Boltzmann Brains and Within-model vs. Between-models Probability

Why Boltz­mann brains?

Back in the days of Lud­wig Boltz­mann (be­fore the ~1912 dis­cov­ery of galac­tic red­shift), it seemed like the uni­verse could be ar­bi­trar­ily old. Since the sec­ond law of ther­mo­dy­nam­ics says that ev­ery­thing tends to a state of high en­tropy, a truly old uni­verse would have long ago sub­li­mated into a luke­warm bath of elec­tro­mag­netic ra­di­a­tion (per­haps with a few enor­mous dead stars slowly drift­ing to­wards each other). If this was true, our so­lar sys­tem and the stars we see would be just a bub­ble of or­der in a vast sea of chaos—per­haps spon­ta­neously aris­ing, like how if you keep shuffling a deck of cards, even­tu­ally it will pass through all ar­range­ments, even the or­dered ones.

The only prob­lem is, bub­bles of spon­ta­neous or­der are as­tound­ingly un­likely. How­ever long it takes for one iron star to spon­ta­neously re­verse fu­sion and be­come hy­dro­gen, it takes that length of time squared for two stars to do it. So if we’re try­ing to ex­plain our sub­jec­tive ex­pe­rience within long-lived uni­verse that might have these bub­bles of spon­ta­neous or­der, the most likely guesses are those that in­volve the small­est amount of mat­ter. The clas­sic ex­am­ple is an iso­lated brain with your mem­o­ries and cur­rent ex­pe­rience, briefly con­geal­ing out of the vac­uum be­fore evap­o­rat­ing again.

What now?

The rarest, if sort of ad­mirable, re­sponse is to agree you’re prob­a­bly a Boltz­mann brain, and at all times do the thing that gets you the most plea­sure in the next tenth of a sec­ond. But maybe you sub­scribe to Egan’s law (“Every­thing adds up to nor­mal­ity”), in which case there are ba­si­cally two re­sponses. Either you are prob­a­bly a Boltz­mann brain, but shouldn’t act like it be­cause you only care about long-lived selves, or you think that the uni­verse gen­uinely is long-lived.

Within our best un­der­stand­ing of the ap­par­ent uni­verse, there shouldn’t be any Boltz­mann brains. Ac­cel­er­at­ing ex­pan­sion will drive the uni­verse closer and closer to its low­est en­ergy eigen­state, which sup­presses time evolu­tion. Change in a quan­tum sys­tem comes from en­ergy differ­ences be­tween states, and in a fast-ex­pand­ing uni­verse, those en­ergy differ­ences get red­shifted away.

But that’s only the within-model un­der­stand­ing. Given our sense-data, we should as­sign a prob­a­bil­ity dis­tri­bu­tion over many differ­ent pos­si­ble laws of physics that could ex­plain that sense-data. And if some of those laws of physics re­sult in very large num­ber of Boltz­mann brains of you, does this mean that you should agree with Bostrom’s Pre­sump­tu­ous Philoso­pher, and there­fore as­sign very high prob­a­bil­ity that you’re a Boltz­mann brain, nearly re­gard­less of the prior over laws?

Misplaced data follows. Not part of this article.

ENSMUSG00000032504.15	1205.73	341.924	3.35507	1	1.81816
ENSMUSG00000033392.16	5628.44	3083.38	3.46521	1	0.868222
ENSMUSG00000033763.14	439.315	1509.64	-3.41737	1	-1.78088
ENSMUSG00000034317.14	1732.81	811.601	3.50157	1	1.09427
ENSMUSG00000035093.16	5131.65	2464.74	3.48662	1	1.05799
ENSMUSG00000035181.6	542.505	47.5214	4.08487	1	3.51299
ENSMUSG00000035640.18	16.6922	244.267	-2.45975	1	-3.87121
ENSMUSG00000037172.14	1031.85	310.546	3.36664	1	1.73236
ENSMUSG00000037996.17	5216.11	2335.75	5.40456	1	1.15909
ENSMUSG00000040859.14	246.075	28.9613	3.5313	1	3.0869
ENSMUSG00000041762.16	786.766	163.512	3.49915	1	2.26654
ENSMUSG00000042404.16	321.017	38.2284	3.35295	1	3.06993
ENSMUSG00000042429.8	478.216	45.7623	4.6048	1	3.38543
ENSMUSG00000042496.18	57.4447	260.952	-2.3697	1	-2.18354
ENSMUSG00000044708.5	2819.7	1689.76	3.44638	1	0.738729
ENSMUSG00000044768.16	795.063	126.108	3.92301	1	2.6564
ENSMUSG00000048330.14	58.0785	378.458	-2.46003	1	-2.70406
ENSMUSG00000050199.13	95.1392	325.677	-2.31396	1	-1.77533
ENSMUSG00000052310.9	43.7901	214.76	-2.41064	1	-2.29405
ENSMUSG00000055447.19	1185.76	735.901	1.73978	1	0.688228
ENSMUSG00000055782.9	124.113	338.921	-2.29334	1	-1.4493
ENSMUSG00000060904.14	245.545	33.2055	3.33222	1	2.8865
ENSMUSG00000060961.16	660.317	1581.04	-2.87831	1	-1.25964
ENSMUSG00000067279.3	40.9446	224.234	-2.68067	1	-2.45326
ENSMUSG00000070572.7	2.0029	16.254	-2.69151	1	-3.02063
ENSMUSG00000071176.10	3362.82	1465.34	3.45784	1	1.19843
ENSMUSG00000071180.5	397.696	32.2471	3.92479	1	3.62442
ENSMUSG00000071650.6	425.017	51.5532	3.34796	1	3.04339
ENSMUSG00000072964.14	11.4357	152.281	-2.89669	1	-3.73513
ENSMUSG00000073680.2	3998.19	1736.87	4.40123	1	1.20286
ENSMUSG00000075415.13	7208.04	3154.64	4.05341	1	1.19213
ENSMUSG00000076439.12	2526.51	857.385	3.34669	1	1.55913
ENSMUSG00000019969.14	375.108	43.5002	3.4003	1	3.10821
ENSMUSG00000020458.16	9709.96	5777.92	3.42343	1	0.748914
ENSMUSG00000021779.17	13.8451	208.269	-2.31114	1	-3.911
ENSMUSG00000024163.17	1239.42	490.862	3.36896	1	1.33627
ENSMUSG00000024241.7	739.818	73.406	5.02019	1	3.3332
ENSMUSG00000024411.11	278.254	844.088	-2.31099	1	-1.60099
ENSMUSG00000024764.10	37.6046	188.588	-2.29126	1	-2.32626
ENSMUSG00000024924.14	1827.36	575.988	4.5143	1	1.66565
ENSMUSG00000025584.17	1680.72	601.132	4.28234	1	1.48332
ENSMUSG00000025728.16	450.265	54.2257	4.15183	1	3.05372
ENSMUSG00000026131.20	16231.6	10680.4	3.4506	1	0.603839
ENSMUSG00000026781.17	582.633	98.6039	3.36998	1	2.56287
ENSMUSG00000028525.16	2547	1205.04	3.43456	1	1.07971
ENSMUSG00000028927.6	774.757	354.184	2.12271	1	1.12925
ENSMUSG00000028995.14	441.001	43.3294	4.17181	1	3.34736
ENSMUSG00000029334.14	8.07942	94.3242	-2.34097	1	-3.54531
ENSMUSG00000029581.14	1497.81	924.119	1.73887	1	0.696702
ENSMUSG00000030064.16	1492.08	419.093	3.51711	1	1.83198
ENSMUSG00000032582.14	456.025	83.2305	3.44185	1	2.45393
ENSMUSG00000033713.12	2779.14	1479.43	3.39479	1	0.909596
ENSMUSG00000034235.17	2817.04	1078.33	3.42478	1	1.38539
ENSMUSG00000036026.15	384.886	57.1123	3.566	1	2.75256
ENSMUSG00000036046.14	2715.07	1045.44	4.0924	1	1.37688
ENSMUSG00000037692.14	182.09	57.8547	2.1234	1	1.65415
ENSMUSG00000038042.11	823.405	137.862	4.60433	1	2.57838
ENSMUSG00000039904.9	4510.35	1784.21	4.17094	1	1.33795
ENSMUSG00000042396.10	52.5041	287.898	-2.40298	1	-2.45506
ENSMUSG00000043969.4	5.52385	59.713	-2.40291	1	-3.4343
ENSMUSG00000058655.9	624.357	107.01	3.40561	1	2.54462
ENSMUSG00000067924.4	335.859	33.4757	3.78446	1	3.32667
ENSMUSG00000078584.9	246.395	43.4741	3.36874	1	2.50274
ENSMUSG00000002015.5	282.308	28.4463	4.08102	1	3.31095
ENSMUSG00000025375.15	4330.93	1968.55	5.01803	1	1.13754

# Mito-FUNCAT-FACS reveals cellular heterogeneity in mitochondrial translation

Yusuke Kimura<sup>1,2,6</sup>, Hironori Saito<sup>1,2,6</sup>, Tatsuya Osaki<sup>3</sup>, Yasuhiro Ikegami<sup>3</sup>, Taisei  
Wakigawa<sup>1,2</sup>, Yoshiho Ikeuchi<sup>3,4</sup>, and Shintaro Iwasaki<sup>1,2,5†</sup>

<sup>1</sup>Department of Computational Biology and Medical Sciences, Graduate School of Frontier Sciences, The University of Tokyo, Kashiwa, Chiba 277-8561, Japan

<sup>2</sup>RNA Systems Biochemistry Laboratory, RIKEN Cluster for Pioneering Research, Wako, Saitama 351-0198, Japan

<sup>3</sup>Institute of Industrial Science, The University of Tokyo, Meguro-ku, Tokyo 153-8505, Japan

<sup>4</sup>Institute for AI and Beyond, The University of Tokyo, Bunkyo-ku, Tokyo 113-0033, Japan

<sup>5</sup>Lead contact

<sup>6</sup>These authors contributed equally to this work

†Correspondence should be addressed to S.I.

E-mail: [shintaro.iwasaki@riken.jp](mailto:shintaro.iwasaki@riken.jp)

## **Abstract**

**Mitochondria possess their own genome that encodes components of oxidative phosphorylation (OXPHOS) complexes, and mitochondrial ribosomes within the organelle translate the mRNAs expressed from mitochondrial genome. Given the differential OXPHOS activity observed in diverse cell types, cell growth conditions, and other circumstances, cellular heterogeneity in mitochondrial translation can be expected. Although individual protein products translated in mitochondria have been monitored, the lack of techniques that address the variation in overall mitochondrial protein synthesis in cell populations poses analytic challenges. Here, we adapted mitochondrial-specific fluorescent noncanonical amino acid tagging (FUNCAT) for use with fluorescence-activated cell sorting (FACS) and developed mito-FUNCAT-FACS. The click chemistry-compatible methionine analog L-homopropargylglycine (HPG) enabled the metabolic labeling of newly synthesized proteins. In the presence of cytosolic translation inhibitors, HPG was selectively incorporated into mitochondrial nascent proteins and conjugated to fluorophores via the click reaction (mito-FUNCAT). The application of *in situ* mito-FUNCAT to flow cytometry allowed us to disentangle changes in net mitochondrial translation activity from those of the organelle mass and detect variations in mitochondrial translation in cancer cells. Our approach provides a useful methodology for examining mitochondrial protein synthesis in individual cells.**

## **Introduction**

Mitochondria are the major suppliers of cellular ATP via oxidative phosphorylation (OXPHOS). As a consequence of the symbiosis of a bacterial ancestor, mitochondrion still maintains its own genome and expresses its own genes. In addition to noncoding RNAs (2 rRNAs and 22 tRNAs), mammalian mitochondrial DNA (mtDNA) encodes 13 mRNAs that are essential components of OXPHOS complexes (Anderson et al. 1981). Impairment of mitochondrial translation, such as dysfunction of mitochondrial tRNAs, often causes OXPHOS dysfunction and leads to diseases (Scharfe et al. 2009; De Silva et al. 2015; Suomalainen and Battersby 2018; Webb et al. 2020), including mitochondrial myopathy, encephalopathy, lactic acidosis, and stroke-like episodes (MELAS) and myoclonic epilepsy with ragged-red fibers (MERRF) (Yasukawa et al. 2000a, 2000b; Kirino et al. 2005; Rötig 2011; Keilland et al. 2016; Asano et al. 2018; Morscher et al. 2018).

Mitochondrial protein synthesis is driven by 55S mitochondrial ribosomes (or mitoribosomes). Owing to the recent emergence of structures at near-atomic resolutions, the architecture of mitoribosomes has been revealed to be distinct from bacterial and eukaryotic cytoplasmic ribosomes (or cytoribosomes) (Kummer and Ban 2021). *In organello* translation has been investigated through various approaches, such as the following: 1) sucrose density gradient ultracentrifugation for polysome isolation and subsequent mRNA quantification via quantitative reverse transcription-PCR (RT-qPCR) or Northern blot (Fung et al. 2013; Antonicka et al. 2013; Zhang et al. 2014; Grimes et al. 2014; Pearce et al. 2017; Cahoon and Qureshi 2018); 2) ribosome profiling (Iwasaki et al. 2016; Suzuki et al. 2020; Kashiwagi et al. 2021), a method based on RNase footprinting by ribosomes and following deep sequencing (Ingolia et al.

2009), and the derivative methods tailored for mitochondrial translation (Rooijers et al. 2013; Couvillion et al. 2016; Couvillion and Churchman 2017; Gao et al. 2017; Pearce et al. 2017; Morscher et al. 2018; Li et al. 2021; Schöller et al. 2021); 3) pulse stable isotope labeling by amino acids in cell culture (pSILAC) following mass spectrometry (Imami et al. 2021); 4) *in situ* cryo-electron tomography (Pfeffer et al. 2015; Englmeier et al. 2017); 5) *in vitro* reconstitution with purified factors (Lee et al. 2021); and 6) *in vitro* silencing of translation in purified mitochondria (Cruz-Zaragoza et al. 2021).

In short, sup­pose that the com­mon-sense uni­verse is the sim­plest ex­pla­na­tion of your ex­pe­riences but con­tains only one copy of them, while a slightly differ­ent uni­verse is more com­plex (say the phys­i­cal laws take 20 more bits to write) but con­tains 10^100 copies of your ex­pe­riences. Should you act as if you’re in the more com­pli­cated uni­verse?

Bostrom and FHI have writ­ten some in­ter­est­ing things about this, and coined some TLAs, but I haven’t read any­thing that re­ally ad­dressed what feels like the fun­da­men­tal ten­sion: be­tween be­liev­ing you’re a Boltz­mann brain on the one hand, and hav­ing an ad-hoc dis­tinc­tion be­tween within-model and be­tween-model prob­a­bil­ities on the other hand.

Chang­ing Oc­cam’s Ra­zor?

Here’s an idea that’s prob­a­bly not origi­nal: what would a Solomonoff in­duc­tor think? A Solomonoff in­duc­tor doesn’t di­rectly rea­son about phys­i­cal laws, it just tries to find the short­est pro­gram that re­pro­duces its ob­ser­va­tions so far. Differ­ent copies of it within the same uni­verse ac­tu­ally cor­re­spond to differ­ent pro­grams—a sim­ple pro­gram that speci­fies the phys­i­cal laws, and then a com­pli­cated in­dex­i­cal pa­ram­e­ter that tells you where in this uni­verse you can find its ob­ser­va­tions so far.

If we pick only the sim­plest pro­gram mak­ing each fu­ture pre­dic­tion (e.g. about the Pre­sump­tu­ous Philoso­pher’s sci­ence ex­per­i­ment), then the num­ber of copies per uni­verse doesn’t mat­ter at all. Even if we are a lit­tle bit more gen­eral and con­sider a prior over the differ­ent gen­er­at­ing pre­fix-free pro­grams, the in­clu­sion of this in­dex­i­cal pa­ram­e­ter in the com­plex­ity of the pro­gram means that even if a uni­verse has in­finite copies of you, there’s still only a limited amount of prob­a­bil­ity as­signed, and the harder they are to lo­cate (like by virtue of be­ing ex­tremely ridicu­lously rare), the more bits they’re pe­nal­ized.

All of this sounds like a re­ally ap­peal­ing re­s­olu­tion. Ex­cept… it’s con­trary to our cur­rent us­age of Oc­cam’s ra­zor. Un­der the cur­rent frame­work, the prior prob­a­bil­ity of a hy­poth­e­sis about physics de­pends only on the com­plex­ity of the phys­i­cal laws—no terms for ini­tial con­di­tions, and cer­tainly no de­pen­dence on who ex­actly you are and how com­pu­ta­tion­ally easy it is to spec­ify you in those laws. We even have less­wrong posts cor­rect­ing peo­ple who think Oc­cam’s ra­zor pe­nal­izes phys­i­cal the­o­ries with billions and billions of stars. But if we now have a penalty for the difficulty to lo­cate our­selves within the uni­verse, a part of this penalty looks like the log of the num­ber of stars! I’m not to­tally sure whether this is a bug or a fea­ture yet.